Electricians are scaling walls, balancing on roofs and spending long hours in their workshops to get their cities ready for the holiday season.
In Kansas City, Mo., Broadway Electrical Construction Co. spends nine months stringing 75 miles of lights on the rooftops and towers of the Country Club Plaza, a Spanish-style outdoor shopping district. This Kansas City tradition dates back to 1925, when a maintenance man hung a simple string of lights above a doorway (See the December 2000 Project Watch).
In small towns and bustling cities nationwide, electricians are working around the clock to make the holidays special for their communities. The following article explores cities with a strong holiday tradition and a hardworking crew of electricians.
SALT LAKE CITY, UTAH Lighting the way for the Olympics
Salt Lake City will be aglow with candles, luminaires and lights during the Winter Olympics.
“It is just spectacular,” said Gary Burgess, electronic technician for the Church of Jesus Christ of Latter Day Saints, Salt Lake City, Utah. “Every year our electricians are putting in more electrical circuits for all these lights, especially this year with the Olympics. It's a beautiful place in the wintertime.”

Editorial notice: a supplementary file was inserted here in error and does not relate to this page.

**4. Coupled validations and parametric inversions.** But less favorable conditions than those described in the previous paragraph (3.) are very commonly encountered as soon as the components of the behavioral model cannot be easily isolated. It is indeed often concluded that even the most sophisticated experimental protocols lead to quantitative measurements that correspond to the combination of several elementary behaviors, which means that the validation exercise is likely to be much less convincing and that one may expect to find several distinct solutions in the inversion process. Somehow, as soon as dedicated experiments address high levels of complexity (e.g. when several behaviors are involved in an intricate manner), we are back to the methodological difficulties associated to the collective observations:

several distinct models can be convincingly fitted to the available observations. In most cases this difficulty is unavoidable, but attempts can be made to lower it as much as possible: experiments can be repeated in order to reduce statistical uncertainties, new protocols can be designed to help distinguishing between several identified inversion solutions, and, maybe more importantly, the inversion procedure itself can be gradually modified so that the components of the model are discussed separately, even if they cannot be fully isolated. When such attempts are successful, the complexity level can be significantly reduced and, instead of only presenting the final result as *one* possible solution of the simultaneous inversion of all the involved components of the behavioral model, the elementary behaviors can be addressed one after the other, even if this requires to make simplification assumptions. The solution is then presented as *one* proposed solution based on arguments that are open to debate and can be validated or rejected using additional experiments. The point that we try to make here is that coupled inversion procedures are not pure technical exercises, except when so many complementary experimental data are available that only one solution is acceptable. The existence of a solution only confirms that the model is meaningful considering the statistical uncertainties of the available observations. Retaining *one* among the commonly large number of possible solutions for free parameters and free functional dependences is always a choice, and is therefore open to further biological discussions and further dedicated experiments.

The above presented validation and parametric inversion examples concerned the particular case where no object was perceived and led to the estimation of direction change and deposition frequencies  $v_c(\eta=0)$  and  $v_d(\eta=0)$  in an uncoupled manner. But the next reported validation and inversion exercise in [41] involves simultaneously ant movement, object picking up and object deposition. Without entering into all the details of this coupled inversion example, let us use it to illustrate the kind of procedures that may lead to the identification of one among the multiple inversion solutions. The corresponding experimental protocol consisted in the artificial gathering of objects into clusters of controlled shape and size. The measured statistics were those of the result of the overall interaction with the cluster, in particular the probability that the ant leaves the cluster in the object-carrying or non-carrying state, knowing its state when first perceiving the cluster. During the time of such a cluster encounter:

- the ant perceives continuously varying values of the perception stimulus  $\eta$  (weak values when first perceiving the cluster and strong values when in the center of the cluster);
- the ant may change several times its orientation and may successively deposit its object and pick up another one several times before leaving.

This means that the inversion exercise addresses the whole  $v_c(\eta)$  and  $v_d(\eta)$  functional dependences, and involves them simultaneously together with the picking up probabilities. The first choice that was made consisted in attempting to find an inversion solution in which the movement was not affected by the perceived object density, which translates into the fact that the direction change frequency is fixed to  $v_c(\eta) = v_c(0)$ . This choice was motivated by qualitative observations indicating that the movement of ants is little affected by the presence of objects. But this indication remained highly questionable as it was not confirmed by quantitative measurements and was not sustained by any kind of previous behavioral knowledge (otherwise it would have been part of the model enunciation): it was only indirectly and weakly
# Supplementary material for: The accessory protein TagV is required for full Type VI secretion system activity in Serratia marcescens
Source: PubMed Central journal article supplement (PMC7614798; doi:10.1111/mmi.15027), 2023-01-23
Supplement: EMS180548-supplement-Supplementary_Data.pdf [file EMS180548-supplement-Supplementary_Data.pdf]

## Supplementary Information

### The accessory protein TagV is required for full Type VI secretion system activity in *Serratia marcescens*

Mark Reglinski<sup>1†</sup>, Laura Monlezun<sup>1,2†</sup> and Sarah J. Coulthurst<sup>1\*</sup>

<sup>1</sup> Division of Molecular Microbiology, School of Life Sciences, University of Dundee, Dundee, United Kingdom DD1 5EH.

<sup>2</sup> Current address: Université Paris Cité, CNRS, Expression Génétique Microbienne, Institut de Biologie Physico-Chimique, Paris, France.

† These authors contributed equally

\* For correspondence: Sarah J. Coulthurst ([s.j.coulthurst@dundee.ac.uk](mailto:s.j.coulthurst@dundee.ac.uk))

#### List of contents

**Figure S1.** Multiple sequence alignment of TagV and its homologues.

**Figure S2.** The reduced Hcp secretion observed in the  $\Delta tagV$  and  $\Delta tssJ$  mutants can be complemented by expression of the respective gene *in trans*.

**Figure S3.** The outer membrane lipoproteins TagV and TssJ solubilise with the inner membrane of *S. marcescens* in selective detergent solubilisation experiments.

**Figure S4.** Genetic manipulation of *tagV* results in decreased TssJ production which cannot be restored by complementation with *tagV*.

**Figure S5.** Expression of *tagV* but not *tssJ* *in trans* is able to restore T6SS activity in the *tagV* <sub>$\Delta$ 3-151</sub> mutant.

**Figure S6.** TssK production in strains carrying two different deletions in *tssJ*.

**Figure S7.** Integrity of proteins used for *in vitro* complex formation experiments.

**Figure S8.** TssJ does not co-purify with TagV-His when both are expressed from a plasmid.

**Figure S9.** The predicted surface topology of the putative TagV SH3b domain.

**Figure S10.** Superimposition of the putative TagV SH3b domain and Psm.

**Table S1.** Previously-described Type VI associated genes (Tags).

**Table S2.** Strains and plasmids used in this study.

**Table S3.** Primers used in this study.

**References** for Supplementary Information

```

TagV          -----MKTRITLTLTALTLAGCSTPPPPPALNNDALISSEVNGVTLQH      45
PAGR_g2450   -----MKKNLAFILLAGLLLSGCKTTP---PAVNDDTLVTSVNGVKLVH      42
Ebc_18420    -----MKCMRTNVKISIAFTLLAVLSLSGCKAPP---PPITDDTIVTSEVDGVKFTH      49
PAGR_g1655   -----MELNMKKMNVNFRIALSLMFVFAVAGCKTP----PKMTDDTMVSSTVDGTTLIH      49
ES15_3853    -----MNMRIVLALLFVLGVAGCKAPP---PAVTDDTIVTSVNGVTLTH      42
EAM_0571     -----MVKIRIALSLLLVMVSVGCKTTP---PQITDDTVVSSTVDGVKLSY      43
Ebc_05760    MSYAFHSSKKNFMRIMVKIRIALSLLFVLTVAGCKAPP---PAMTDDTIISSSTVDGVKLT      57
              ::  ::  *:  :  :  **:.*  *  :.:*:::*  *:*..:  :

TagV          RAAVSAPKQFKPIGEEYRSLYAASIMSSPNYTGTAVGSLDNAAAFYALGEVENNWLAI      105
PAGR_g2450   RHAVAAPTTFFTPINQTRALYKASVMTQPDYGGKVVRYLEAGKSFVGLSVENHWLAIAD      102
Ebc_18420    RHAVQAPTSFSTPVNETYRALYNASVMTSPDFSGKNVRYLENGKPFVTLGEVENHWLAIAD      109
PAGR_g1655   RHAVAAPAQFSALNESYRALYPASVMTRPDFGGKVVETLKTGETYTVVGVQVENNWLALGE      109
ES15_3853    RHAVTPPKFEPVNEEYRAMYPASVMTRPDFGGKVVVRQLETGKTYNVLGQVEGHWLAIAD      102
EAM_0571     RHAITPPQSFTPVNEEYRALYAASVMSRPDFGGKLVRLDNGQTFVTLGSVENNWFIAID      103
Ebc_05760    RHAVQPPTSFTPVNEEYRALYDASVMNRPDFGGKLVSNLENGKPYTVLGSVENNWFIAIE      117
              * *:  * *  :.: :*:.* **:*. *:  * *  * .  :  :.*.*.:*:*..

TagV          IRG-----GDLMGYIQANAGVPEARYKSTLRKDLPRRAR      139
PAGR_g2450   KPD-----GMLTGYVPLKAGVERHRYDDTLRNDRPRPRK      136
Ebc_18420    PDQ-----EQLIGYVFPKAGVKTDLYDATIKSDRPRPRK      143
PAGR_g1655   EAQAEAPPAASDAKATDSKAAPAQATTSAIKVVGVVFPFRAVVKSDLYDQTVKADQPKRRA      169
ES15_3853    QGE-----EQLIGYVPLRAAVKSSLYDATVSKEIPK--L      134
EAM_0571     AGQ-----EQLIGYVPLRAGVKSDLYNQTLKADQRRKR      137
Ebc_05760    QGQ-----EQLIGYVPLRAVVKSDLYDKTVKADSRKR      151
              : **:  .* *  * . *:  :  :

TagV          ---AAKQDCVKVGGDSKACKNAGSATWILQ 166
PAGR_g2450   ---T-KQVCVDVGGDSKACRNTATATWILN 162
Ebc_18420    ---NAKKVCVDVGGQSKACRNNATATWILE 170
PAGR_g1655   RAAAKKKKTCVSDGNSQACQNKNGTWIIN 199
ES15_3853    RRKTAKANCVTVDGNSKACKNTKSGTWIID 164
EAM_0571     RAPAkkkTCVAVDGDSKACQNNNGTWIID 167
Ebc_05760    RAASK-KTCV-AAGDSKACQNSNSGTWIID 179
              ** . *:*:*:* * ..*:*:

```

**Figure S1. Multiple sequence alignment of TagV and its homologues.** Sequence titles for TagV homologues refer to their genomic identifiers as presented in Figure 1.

Peter Lassig, head gardener, said Salt Lake City has one of the world's top 10 Christmas displays.
“We display tens of thousands of lights on three city blocks in downtown Salt Lake City Utah,” Lassig said. “We have the Christmas trees everywhere. Thirty-five acres of downtown Salt Lake City will be lit with floating candles, luminaries, tin cans full of lights and millions of lights in the trees.”
Salt Lake City's holiday lighting display began in 1963, when the editor from the Desert News teamed up with another promoter to fund a Christmas display outside of the LDS church headquarters in downtown Salt Lake City.
“They paid for it the first year and they liked it so much that the church began to do it from that point on,” Lassig said.
Lassig and about 10 members of his gardening and maintenance staff work on the lights from August until Thanksgiving. He said the electricians play a critical role in the lighting project.
“The electricians are the ones that make us righteous, keep us legal and make it possible for the lights to run,” Lassig said. “They have to seek out the energy load. They're also the ones that don't get any glory but they are doing the truly hard work. They have been tremendous.”
The staff sets up a variety of displays to illuminate Salt Lake City for the holiday season.
“We do all types of electrical displays, not only miniature lights, but we also do the conventional Christmas lights — the C7s and C9s — that some of us grew up with,” Lassig said. “We also do thousands of luminaries and harvest about 60 large Christmas trees out of the mountains and fill them with lights and put them inside the buildings.”